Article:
Tom Cotton claims Twitter tried to lock him out of his account

Sen. Tom Cotton alleged that Twitter almost locked him out of his account for using an old-timey phrase that the tech company’s staff thought was a call for violence. 

Cotton detailed the odd saga in an op-ed Wednesday on Fox News Channel’s website.  

On the morning of June 1, after Black Lives Matter protests had turned into a looting and destruction-spree in a number of American cities, Cotton suggested that active-duty troops be called in, adding, ‘No quarter for insurrectionists, anarchists, rioters and looters.’ 

Sen. Tom Cotton wrote an op-ed posted on the Fox News Channel website that detailed how Twitter tried to freeze him out of his account over a tweet they thought was a call to violence

THE TWEET IN QUESTION: Sen. Tom Cotton used the old-timey phrase, 'No quarter for insurrectionists, anarchists, rioters and looters,' as he called for active-duty troops to be utilized when the early George Floyd protests inspired looting and destruction of property

THE TWEET IN QUESTION: Sen. Tom Cotton used the old-timey phrase, ‘No quarter for insurrectionists, anarchists, rioters and looters,’ as he called for active-duty troops to be utilized when the early George Floyd protests inspired looting and destruction of property

‘This was apparently too much for the professional umbrage-takers on Twitter. In high dudgeon, they exclaimed that “no quarter” once meant that a military force would take no prisoners, but instead shoot them,’ the Arkansas Republican wrote.

As he explained on, when he said ‘no quarter,’ he meant the modern usage of the term. 

‘Never mind that the phrase today is a common metaphor for a tough or merely unkind approach to a situation,’ Cotton said. 

Several hours later, Cotton said a ‘low-level employee in Twitter’s Washington office’ contacted some of his Congressional aides and told them the tweet violated the company’s policies.  

‘She also issued an ultimatum: delete the tweet or Twitter would permanently lock my account. She gave me only 30 minutes to comply,’ Cotton recalled.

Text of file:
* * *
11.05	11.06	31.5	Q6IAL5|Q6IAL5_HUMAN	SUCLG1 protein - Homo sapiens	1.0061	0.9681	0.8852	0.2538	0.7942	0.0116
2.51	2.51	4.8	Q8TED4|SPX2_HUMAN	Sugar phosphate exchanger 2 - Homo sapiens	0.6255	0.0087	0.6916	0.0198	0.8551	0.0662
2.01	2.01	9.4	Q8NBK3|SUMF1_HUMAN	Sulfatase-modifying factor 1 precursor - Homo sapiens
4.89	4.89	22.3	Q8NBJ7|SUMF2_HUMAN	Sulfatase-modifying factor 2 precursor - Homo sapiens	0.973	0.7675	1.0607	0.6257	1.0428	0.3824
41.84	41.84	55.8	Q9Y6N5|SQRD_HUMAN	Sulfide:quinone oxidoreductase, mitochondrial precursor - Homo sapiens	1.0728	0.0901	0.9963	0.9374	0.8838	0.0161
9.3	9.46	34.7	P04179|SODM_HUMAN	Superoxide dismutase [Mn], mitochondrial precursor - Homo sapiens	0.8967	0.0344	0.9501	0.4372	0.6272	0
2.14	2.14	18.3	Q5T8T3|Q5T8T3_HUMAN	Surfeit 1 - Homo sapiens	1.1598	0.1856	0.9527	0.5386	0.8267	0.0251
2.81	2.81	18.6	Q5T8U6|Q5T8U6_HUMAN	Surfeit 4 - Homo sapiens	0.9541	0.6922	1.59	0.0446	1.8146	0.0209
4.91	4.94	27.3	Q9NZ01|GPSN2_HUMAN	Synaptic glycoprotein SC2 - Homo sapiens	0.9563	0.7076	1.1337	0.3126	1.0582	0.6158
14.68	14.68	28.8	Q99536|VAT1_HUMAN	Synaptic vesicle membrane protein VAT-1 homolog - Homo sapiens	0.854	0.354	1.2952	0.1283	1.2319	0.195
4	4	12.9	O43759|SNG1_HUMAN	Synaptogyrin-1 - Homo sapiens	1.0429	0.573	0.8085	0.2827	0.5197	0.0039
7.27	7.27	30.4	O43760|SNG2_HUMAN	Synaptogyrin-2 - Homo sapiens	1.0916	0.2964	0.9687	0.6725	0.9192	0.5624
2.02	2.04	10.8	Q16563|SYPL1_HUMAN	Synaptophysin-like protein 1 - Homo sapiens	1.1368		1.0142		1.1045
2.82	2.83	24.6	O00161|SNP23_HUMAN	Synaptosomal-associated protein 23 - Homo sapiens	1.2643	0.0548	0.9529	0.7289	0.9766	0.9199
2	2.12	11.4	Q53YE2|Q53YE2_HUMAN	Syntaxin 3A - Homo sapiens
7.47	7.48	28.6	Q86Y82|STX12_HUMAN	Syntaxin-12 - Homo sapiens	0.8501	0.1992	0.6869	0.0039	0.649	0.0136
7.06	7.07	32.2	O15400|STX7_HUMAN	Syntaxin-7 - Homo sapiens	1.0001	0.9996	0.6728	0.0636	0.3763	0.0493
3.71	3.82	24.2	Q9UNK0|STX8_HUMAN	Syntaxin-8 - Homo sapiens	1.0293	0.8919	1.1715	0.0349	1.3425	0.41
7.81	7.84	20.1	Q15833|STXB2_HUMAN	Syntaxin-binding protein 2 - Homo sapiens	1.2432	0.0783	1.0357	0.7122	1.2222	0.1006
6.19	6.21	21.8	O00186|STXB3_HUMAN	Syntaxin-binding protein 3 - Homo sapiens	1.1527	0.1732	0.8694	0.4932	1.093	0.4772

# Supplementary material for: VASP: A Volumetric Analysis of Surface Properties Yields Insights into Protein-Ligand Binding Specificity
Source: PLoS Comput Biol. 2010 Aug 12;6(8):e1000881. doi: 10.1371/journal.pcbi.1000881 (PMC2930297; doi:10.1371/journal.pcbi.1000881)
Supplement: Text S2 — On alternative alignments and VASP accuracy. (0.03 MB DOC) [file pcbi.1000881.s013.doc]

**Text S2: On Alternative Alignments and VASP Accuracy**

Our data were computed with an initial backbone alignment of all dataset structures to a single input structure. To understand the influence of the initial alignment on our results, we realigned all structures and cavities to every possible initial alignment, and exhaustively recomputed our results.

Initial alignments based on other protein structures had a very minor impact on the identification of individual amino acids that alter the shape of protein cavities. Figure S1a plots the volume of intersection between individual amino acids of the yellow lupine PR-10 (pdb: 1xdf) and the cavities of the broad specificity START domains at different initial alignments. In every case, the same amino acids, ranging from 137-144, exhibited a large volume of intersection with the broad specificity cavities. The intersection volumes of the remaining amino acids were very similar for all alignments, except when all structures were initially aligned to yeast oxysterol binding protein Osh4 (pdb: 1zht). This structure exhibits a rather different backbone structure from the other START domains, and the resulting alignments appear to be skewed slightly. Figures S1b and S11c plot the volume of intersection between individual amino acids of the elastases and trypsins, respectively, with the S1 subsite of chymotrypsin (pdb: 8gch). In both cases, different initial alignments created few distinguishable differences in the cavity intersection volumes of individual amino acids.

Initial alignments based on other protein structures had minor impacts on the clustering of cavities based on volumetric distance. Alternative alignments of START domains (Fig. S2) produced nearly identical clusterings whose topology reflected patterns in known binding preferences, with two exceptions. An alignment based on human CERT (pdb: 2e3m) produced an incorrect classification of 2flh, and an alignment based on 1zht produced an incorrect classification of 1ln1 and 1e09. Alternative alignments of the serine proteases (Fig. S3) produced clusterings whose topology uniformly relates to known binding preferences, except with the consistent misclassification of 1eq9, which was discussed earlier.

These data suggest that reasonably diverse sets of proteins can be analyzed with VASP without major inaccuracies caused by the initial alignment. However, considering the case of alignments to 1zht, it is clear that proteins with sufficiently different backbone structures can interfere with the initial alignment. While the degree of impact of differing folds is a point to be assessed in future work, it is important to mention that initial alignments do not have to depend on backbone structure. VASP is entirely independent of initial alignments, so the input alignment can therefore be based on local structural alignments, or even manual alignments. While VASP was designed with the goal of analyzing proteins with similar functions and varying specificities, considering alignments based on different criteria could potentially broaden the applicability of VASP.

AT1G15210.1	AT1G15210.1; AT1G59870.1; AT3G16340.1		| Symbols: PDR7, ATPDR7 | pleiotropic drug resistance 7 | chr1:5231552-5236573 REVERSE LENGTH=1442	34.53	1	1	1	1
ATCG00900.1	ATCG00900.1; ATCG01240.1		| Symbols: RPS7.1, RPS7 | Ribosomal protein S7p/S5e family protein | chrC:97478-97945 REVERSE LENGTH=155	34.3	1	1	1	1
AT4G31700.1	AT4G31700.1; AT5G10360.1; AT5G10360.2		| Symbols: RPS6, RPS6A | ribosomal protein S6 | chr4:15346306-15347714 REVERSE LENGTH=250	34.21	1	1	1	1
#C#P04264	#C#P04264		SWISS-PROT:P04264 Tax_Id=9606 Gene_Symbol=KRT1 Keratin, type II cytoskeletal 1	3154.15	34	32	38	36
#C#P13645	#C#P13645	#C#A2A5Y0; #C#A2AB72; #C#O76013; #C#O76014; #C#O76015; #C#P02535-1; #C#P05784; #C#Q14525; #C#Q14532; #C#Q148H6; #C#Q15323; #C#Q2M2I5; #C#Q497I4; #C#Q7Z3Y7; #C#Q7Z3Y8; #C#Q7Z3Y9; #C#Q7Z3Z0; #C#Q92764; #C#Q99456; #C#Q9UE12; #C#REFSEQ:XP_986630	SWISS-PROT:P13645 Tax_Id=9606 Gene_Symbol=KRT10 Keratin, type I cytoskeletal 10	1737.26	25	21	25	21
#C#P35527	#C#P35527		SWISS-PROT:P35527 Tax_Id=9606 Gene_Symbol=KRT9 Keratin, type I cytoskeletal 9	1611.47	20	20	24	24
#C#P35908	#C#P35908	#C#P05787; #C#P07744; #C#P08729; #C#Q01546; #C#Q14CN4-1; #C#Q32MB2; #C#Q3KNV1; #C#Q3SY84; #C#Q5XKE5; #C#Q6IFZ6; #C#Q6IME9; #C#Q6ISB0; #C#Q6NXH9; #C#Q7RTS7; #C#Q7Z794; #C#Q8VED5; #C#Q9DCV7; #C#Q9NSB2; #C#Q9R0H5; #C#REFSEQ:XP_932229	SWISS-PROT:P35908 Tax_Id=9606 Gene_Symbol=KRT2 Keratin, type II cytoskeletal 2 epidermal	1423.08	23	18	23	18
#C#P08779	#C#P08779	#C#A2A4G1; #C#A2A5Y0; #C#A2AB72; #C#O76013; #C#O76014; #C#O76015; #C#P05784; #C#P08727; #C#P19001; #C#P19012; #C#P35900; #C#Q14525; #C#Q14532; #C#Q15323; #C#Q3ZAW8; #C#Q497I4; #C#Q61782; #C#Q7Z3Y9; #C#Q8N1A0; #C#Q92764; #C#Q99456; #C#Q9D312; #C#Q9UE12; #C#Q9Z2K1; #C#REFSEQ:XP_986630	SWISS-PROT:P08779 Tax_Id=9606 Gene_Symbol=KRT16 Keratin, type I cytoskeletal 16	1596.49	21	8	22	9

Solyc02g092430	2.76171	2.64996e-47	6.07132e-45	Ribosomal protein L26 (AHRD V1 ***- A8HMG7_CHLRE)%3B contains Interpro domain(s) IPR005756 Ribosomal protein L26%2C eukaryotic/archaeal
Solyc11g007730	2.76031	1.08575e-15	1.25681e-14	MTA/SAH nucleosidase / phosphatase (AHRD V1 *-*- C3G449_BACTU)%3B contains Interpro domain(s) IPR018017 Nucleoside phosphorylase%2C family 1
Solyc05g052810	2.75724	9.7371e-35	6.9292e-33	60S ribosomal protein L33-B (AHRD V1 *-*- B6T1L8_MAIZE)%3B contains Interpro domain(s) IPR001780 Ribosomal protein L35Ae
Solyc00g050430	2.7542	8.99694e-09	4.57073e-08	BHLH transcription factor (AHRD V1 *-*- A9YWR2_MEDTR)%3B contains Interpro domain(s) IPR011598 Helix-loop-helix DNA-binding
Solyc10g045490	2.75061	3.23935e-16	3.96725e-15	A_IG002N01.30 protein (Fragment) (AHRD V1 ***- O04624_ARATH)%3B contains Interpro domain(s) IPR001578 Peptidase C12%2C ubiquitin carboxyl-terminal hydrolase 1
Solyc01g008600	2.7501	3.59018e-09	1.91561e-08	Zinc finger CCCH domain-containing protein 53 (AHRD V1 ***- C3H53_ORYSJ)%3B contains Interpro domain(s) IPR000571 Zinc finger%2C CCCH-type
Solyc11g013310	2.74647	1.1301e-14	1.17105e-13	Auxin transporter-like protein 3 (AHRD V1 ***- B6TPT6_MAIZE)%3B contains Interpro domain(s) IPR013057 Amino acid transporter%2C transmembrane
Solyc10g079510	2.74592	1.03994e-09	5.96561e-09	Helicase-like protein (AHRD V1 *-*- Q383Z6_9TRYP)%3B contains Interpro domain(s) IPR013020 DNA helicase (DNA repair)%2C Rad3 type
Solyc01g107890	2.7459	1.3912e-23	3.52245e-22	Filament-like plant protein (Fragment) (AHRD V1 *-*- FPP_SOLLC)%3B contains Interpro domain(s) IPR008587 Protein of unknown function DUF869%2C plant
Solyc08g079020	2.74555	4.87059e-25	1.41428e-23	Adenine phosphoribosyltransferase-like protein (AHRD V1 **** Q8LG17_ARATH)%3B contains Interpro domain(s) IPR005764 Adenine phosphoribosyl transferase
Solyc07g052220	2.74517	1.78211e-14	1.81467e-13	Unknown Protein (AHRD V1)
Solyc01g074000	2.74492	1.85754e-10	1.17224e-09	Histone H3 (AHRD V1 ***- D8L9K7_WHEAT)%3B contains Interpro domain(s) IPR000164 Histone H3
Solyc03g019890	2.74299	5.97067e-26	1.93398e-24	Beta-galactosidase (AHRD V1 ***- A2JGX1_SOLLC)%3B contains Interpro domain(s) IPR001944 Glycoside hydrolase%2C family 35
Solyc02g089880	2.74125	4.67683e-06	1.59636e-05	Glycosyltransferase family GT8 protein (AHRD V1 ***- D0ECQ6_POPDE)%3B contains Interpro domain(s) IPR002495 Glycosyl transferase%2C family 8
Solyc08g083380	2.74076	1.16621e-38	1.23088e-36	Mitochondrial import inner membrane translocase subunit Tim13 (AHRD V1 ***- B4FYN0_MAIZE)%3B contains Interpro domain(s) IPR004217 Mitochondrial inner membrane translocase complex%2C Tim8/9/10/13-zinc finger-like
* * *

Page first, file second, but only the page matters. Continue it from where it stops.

Cotton then described the back-and-forth that occurred, which included an offer from the senator’s office to post a new tweet clarifying the lawmaker’s intended meaning of the phrase. 

The Twitter employee, Cotton said, refused the offer and said the original most be deleted because ‘some snowflakes had retweeted it.’ 

The senator also alleged that the Twitter employee mistated the company’s policy on which tweets can be flagged – like President Trump’s tweets about mail-in voting that were fact-checked by the company. 

‘She contended that Twitter only did so for heads of state, not elected legislators, though its policy plainly states otherwise,’ Cotton wrote. ‘The only option, she reiterated, was deleting the tweet or losing my account.’   

Cotton said upon providing dictionary definitions of ‘no quarter’ to the staffer, she said she would ‘take that back to our teams.’ 

‘It was clear, I should add, that this low-level employee was acting as a front for more senior officials at Twitter, whom one might expect would contact directly a sitting senator to discuss such a serious matter,’ the senator wrote. ‘It was equally clear that she avoided putting as much in writing as possible.’ 

‘Accountability is not Twitter’s long suit, either,’ Cotton added. 

Cotton said he had called Twitter’s bluff, waited out the 30 minutes, and nothing happened. 

‘Finally, almost two hours after the initial contact, the employee called to say Twitter would take “no action” against my account, but she was not authorized to say more,’ Cotton said.      

A spokesperson for Twitter has yet to respond to’s request for comment on whether the senator’s description of the incident was accurate. 

Cotton has been in the limelight for a controversial op-ed he penned in The New York Times that called for military action to stop rioting, looting and vandalism, which had sprung out from the early protests over the death of George Floyd. 

The Times later said the opinion piece, which came out on June 3, ‘fell short of our standards and should not have been published.’ 

The newspaper’s editors questioned some of the statements Cotton used in the piece – such as blaming ‘cadres of left-wing radicals like antifa’ for the looting – that were treated as fact. 

‘In fact, those allegations have not been substantiated and have been widely questioned,’ an editors’ note read. 

Cotton blasted The Times’ move in the opening paragraphs of his op-ed and then made a comparison to Twitter.  

‘The New York Times, after publishing my op-ed about the Insurrection Act, capitulated to a woke mob of its employees,’ he wrote.  ‘But it’s not just the Times. I reveal here for the first time that the Twitter thought police also targeted me for expressing an opinion shared at that time by a majority of Americans.’

Echoing the complaints of droves of conservatives, Cotton suggested Twitter editing him came with political motives. 

‘Though Twitter purports to police only threats of violence, the company won’t even cooperate with law enforcement investigating death threats against me and other legislators,’ Cotton said. 

He also alleged that Twitter’s CEO Jack Dorsey unfollowed The New York Times’ Twitter account after the paper’s opinion section published Cotton’s op-ed.   

A Twitter spokesperson didn’t respond to’s query about that either. 

‘These social-media companies have improved the lives of Americans in many ways. But they should not be surprised public opinion is turning against them when they act as censors and moral scolds to millions of Americans,’ Cotton said.